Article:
How Much Of Your Sexual Past Should You Share?


Be careful how much you tell your current sexual partner about your sexual past.

John was fascinated to learn that Michelle had what he termed “a kinky past”. She had tried group sex and sex with male/female combinations. She was very uninhibited in their own love-making and happy to share all her past sexual experiences with John.
After a year, John started to urge Michelle to seek out the kinds of experiences she’d had in the past and let him share them with her. Michelle told him she felt no interest in this as she’d “been there and done that” and preferred to focus on her love life with him.
After six months of resistance from Michelle, John began to nag and use emotional blackmail - “How come you did it before for yourself, but you don’t love me enough to do it now?” The more he nagged, the more she began to switch off sex altogether and their relationship deteriorated.
So what went wrong? Michelle shared too much of her sexual past!
There’s a mistaken belief that “If you really love someone you’ll tell them everything about your sexual past and they’ll understand.” When you first fall in love you see only the positive in your lover. In the rush to know everything about them, you might learn some of their history which at first you find acceptable and maybe even a turn-on. Later, however, you may begin to brood about their sexual past and this can lead to conflict.
In this case John could think himself lucky that he had fun in the beginning with his wife’s honesty but now he needs to get real and just appreciate their intimacy as something special and not taint it with the past.
I recommend that “open communication” is not necessarily the same as totally honest communication – which I call “the overwhelming truth”.
Open communication involves deliberately telling your partner how you feel, what you want and what you don’t want, but only in a positive and constructive way.
Overwhelming truth means that you may be hurtful or down right stupid in giving “too much information.”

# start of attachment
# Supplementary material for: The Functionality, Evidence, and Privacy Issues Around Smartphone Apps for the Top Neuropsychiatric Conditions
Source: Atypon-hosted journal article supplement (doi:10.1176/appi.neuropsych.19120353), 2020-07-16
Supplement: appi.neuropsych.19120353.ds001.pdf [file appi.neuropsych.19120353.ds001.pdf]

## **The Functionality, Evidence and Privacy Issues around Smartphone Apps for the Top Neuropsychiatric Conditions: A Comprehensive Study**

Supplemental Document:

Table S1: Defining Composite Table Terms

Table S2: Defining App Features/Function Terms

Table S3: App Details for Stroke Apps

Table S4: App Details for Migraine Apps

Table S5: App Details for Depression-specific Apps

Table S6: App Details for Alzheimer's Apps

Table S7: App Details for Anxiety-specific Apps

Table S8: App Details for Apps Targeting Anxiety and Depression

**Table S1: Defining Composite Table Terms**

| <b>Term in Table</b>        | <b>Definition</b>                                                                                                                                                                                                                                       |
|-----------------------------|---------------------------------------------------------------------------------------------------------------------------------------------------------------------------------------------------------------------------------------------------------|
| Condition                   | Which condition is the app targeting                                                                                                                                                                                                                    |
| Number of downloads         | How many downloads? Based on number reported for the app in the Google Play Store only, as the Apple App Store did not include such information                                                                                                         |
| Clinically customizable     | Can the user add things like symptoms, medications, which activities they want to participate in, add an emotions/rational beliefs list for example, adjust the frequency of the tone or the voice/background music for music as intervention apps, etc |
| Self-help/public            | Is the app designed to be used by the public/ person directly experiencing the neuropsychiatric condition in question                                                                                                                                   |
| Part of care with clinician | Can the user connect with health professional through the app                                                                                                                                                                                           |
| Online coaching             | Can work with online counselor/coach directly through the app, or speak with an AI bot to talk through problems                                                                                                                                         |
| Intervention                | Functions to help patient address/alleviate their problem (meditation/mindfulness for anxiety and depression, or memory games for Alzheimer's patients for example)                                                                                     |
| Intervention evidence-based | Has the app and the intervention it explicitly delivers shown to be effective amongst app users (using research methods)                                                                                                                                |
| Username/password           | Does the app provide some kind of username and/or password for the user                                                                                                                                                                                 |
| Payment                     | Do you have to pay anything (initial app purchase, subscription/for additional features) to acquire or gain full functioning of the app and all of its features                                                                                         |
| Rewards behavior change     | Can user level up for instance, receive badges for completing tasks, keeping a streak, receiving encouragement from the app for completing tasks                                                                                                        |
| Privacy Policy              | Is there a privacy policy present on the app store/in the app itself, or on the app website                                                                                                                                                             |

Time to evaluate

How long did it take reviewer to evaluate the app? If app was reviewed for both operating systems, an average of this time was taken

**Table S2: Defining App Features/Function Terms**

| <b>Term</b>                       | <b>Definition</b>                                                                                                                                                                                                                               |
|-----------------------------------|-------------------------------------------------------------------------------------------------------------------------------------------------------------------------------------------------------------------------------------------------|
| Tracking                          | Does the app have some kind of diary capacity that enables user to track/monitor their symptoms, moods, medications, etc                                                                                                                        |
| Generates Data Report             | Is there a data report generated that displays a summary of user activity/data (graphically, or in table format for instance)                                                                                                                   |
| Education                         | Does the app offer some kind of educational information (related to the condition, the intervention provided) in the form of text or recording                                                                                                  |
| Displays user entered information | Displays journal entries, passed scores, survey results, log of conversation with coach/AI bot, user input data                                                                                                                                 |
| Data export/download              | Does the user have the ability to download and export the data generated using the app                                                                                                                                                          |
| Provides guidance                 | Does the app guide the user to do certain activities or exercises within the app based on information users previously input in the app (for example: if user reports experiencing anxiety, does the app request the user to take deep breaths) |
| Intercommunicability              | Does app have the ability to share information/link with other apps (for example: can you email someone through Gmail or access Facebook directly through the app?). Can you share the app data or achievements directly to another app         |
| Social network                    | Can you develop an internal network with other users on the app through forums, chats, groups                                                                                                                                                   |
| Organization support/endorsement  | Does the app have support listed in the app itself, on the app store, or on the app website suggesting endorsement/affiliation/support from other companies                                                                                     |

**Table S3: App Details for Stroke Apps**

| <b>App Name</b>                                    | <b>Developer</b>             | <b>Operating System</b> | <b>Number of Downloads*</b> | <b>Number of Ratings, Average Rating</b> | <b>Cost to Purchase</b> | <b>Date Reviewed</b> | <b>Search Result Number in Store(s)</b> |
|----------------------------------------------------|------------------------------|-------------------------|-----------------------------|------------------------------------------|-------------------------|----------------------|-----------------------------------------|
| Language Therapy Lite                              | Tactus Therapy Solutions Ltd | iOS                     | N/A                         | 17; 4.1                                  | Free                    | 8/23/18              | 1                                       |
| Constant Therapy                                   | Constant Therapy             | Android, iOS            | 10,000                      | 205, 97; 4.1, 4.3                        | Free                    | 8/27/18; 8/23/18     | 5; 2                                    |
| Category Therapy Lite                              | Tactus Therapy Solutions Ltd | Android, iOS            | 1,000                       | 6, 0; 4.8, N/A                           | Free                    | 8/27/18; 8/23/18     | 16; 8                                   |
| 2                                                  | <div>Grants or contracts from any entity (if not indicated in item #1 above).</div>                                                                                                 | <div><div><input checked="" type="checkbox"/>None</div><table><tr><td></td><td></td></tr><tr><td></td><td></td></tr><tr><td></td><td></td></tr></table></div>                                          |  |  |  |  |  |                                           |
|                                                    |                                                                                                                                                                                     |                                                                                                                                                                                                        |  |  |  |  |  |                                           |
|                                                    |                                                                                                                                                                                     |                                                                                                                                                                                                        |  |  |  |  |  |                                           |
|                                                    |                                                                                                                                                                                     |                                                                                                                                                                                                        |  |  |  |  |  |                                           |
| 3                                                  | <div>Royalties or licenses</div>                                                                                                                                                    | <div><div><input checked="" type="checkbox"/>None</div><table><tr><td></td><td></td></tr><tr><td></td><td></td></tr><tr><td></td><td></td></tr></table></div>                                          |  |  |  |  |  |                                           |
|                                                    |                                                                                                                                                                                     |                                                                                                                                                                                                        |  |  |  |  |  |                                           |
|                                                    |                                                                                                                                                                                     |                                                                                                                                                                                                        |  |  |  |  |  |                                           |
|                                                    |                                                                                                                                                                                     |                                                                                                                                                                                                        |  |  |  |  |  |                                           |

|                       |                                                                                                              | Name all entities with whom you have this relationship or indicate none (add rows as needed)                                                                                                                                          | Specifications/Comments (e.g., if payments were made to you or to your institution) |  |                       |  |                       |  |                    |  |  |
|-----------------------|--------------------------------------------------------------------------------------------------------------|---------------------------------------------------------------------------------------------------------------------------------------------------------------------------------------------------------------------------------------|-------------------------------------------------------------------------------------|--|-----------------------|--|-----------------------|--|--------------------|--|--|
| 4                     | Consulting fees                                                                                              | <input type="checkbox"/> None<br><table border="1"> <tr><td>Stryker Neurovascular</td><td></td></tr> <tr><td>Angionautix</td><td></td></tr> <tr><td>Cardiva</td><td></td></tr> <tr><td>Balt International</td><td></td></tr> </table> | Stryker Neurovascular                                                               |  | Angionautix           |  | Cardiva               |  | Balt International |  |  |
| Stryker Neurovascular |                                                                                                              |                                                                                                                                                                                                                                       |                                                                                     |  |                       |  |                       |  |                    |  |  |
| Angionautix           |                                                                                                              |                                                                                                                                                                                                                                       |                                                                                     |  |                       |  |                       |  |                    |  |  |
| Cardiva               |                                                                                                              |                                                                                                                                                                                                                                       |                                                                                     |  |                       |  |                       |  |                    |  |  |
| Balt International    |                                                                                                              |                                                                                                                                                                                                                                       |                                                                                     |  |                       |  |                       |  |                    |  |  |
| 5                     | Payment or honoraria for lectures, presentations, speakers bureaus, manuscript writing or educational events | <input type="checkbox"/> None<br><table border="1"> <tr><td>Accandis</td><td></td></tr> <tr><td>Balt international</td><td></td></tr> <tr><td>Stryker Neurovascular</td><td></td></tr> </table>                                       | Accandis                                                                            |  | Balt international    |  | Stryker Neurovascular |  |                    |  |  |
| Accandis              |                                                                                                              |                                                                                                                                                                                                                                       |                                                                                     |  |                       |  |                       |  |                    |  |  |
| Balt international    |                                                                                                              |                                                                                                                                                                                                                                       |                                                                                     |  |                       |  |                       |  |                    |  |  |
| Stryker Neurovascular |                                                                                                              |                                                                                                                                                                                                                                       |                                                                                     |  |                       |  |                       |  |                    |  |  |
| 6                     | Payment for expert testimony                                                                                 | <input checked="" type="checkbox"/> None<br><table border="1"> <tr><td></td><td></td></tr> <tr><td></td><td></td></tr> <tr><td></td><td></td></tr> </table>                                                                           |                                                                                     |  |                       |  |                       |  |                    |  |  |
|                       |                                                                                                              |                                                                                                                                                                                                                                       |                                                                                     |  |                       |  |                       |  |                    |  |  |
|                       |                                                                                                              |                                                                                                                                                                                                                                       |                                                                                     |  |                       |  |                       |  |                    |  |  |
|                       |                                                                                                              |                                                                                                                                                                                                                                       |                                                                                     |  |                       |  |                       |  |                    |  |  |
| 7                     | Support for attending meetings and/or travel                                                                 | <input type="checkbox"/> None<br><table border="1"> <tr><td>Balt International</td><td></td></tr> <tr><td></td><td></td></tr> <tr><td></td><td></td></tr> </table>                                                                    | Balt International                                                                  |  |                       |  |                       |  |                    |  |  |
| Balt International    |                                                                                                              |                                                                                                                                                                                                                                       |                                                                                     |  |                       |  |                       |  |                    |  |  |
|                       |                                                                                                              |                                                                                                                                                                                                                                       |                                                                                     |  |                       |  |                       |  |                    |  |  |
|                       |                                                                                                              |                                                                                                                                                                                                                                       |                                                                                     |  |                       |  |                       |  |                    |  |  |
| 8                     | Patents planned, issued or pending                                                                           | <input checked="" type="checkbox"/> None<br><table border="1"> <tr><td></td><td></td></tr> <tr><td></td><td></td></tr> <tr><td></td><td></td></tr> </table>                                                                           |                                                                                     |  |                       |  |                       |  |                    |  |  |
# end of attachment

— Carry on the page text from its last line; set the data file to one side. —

For instance, don’t spill the beans about the time you had a threesome with strangers. This kind of admission can backlash on you for the rest of relationship (which could actually be very short once you’ve told the total truth).
The overwhelming truth may back-fire because it hurts the other person’s feelings unnecessarily. In other words, don’t be tactless and don’t leave yourself open to emotional blackmail because you have shared too much.
Resist your urges to find out everything and resist your partner’s manipulation to get it all out of you. Keep the mystery up but don’t give yourself away. Give vague answers if your partner really pushes for a response. Then reassure your partner that you love her/him.

Here’s some helpful answers to probing questions about your past:

Question: How many lovers have you had in the past?
Answer: I was curious to have a range of experiences when I was younger, but now I’m very happy with our love-making and you.

Question: Tell me your wildest fantasy?
Answer: I used to fantasise a lot about different women, but now I seem to always find you on my mind and my fantasies are about you.

Question: Did you ever have an affair?
Answer: When I was younger, I flirted and fooled around a bit with some women at various work dinners, but I decided that that could get a bit messy. Anyway, who needs to think of anyone else now I’m with you!

CAUTION: There are two things you absolutely should tell all the truth about.
1. Your safe-sex status:have you had any sexually transmitted diseases, have you had unsafe sex with anyone?
2. Your pregnancy risk status: are you on the pill, have you had a vasectomy or a tubal ligation?

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This article was originally published at ezinearticles.com. Reprinted with permission from the author.